Note that this gives the proper terms for the matrix multiplication, arranged vertically. The final answer is found by summing each column, using the following equation in vector e:
Aside: The terms we get from the original equation for a, d[Dim3]*b[Dim3, Dim3], are the correct terms for dTb, i.e., d-transposed times b, again arranged vertically. If this was the desired result, we do not need to first transpose b and can just sum the columns into vector e as shown above.
Multiplying a Non-Square Matrix by a Vector
If the matrices do not use the same dimension name for both dimensions (square or not), you have much more control over the resultant terms and do not have to resort to transposition at all. The following discussion uses the following additional arrays:
g: 2×1 [one-dimensional]
s: 2×3t: 3×2
If we multiply f times d, we will get a different result based on whether the resultant array is 2×3 or 3×2. Placing the equation d[Dim3]*f [Dim2, Dim3] into array s yields exactly the terms needed for a matrix multiplication, arranged horizontally:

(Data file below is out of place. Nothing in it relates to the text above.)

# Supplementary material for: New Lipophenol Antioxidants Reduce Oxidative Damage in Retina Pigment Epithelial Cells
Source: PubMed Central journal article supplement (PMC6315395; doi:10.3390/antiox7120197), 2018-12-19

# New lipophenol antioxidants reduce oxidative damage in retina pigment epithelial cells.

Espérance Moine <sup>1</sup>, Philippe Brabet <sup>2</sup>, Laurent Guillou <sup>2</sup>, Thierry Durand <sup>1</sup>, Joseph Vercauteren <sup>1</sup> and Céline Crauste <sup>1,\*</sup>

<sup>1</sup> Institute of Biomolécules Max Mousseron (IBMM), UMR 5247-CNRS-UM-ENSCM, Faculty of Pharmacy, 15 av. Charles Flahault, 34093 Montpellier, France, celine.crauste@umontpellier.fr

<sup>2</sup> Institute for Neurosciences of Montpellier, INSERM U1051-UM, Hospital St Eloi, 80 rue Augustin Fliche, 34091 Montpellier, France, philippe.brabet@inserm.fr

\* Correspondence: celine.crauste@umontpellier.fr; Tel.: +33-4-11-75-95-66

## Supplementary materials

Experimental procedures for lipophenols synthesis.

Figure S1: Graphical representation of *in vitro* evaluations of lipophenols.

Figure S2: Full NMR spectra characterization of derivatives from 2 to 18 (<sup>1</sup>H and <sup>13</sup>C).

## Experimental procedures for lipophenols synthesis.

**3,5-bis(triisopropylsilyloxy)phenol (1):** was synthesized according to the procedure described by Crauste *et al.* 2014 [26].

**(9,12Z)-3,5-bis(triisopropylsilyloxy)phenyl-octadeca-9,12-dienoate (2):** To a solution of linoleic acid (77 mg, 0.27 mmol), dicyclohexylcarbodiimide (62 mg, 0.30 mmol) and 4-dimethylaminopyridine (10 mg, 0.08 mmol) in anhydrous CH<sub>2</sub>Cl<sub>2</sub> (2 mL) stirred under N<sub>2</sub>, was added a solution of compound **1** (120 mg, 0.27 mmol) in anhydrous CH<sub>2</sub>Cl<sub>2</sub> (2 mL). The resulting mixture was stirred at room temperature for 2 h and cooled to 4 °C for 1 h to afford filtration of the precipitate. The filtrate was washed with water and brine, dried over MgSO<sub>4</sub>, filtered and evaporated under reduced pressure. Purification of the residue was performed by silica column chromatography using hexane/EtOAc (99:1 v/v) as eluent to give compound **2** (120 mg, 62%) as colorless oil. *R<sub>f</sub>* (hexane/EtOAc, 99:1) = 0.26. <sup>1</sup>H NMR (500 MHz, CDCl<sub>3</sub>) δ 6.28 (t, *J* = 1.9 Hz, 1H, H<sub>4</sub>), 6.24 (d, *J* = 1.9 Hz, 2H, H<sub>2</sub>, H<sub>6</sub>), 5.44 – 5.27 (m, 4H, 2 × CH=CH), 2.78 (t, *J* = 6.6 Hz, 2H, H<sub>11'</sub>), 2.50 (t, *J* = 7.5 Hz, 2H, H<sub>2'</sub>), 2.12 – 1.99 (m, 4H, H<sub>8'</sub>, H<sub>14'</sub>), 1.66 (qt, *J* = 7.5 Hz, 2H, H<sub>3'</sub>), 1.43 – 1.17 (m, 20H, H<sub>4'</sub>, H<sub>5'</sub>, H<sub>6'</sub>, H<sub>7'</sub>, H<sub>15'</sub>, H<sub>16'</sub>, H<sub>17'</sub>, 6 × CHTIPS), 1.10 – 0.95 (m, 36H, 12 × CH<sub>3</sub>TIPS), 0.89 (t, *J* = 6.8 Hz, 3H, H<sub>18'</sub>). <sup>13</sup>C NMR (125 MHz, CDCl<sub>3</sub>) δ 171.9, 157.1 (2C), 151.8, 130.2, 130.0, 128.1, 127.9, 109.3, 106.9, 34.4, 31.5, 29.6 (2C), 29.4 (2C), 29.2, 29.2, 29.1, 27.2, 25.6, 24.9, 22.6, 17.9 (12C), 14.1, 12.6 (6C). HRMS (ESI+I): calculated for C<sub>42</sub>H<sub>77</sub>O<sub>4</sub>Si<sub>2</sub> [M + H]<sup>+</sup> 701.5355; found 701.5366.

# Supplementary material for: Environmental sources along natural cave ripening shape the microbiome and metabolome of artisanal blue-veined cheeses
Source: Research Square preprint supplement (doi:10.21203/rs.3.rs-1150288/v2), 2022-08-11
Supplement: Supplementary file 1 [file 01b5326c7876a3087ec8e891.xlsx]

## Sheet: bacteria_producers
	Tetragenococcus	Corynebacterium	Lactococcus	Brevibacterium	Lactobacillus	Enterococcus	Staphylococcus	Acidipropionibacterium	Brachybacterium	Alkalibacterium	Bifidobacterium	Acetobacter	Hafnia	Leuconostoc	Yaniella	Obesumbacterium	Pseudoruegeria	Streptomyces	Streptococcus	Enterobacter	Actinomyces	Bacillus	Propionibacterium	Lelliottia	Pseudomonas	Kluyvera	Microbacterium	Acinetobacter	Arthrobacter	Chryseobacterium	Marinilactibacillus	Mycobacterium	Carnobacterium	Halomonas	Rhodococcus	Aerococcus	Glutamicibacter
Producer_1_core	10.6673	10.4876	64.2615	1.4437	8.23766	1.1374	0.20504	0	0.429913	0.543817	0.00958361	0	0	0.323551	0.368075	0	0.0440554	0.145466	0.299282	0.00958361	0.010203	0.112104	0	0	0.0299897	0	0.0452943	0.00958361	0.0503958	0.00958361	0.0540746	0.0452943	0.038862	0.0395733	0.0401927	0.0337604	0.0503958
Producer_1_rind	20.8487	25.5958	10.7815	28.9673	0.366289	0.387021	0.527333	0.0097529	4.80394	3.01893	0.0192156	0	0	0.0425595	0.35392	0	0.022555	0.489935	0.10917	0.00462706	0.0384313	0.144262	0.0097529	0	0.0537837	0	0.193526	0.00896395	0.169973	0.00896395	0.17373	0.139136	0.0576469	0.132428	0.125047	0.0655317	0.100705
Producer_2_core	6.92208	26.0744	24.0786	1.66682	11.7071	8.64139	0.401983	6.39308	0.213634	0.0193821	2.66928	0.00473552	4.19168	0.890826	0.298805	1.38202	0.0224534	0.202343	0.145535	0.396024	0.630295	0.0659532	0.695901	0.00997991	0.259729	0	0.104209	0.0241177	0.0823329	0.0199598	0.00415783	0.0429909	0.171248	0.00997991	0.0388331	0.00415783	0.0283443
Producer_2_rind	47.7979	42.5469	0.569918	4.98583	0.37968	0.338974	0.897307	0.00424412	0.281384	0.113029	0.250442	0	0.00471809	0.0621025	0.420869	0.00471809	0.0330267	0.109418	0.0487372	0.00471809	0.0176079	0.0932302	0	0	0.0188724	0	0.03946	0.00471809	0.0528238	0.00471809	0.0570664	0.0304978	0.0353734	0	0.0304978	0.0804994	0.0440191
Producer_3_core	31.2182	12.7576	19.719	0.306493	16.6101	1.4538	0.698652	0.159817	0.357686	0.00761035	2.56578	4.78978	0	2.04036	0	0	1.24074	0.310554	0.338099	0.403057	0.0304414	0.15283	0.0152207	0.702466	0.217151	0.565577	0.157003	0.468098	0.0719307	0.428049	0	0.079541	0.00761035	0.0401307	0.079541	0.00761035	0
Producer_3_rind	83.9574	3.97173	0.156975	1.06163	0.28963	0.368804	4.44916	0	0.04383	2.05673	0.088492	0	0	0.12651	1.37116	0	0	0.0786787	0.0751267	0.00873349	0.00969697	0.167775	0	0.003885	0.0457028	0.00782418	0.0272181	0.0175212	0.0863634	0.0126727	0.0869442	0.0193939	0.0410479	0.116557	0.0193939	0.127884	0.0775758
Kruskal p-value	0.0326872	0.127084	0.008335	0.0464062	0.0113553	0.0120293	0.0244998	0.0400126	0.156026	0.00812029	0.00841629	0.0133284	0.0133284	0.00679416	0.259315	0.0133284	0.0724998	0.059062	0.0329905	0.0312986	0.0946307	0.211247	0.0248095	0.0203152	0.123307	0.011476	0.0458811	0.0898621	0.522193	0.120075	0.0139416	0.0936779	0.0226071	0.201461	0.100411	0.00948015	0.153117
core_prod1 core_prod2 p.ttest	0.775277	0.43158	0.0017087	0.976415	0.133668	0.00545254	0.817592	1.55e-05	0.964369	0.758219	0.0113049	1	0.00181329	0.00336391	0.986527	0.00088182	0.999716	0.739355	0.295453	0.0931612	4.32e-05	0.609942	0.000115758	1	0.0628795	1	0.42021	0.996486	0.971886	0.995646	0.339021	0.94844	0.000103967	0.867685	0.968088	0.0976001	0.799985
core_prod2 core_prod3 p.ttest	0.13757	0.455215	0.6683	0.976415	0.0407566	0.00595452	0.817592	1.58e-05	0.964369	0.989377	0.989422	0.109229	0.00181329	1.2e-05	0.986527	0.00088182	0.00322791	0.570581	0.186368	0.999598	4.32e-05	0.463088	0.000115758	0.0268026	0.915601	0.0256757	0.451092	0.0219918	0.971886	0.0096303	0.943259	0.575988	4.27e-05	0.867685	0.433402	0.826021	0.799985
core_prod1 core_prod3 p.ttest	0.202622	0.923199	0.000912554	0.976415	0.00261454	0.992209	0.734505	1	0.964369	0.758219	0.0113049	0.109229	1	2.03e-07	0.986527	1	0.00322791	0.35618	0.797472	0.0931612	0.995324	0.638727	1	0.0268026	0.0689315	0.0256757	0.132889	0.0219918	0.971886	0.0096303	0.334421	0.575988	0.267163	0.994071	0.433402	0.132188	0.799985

d1*f11 d2*f12 d3*f13
d1*f21 d2*f22 d3*f23
Setting the equation of g to
will properly sum the rows into g, giving the result of the matrix multiplication f *d.
If, instead, we place the same equation d[Dim3]*f [Dim2, Dim3] into array t, we get these terms instead:
The correct terms are still available, only now they are arranged vertically and the columns must be summed to arrive at the proper result:
Multiplying by g instead, i.e., placing the equation g[Dim2]*f [Dim2, Dim3] into s, yields these terms:
g1*f11 g1*f12 g1*f13
g2*f21 g2*f22 g2*f23
These are the terms for gTf , arranged vertically. Placing the equation into t gives the same terms horizontally. To calculate f Tg, it is necessary to first transpose f by setting t to the equation
f [Dim2, Dim3]
When this is multiplied by g, the correct terms for f Tg will be generated (horizontally in a 3×2 array and vertically in a 2×3 array).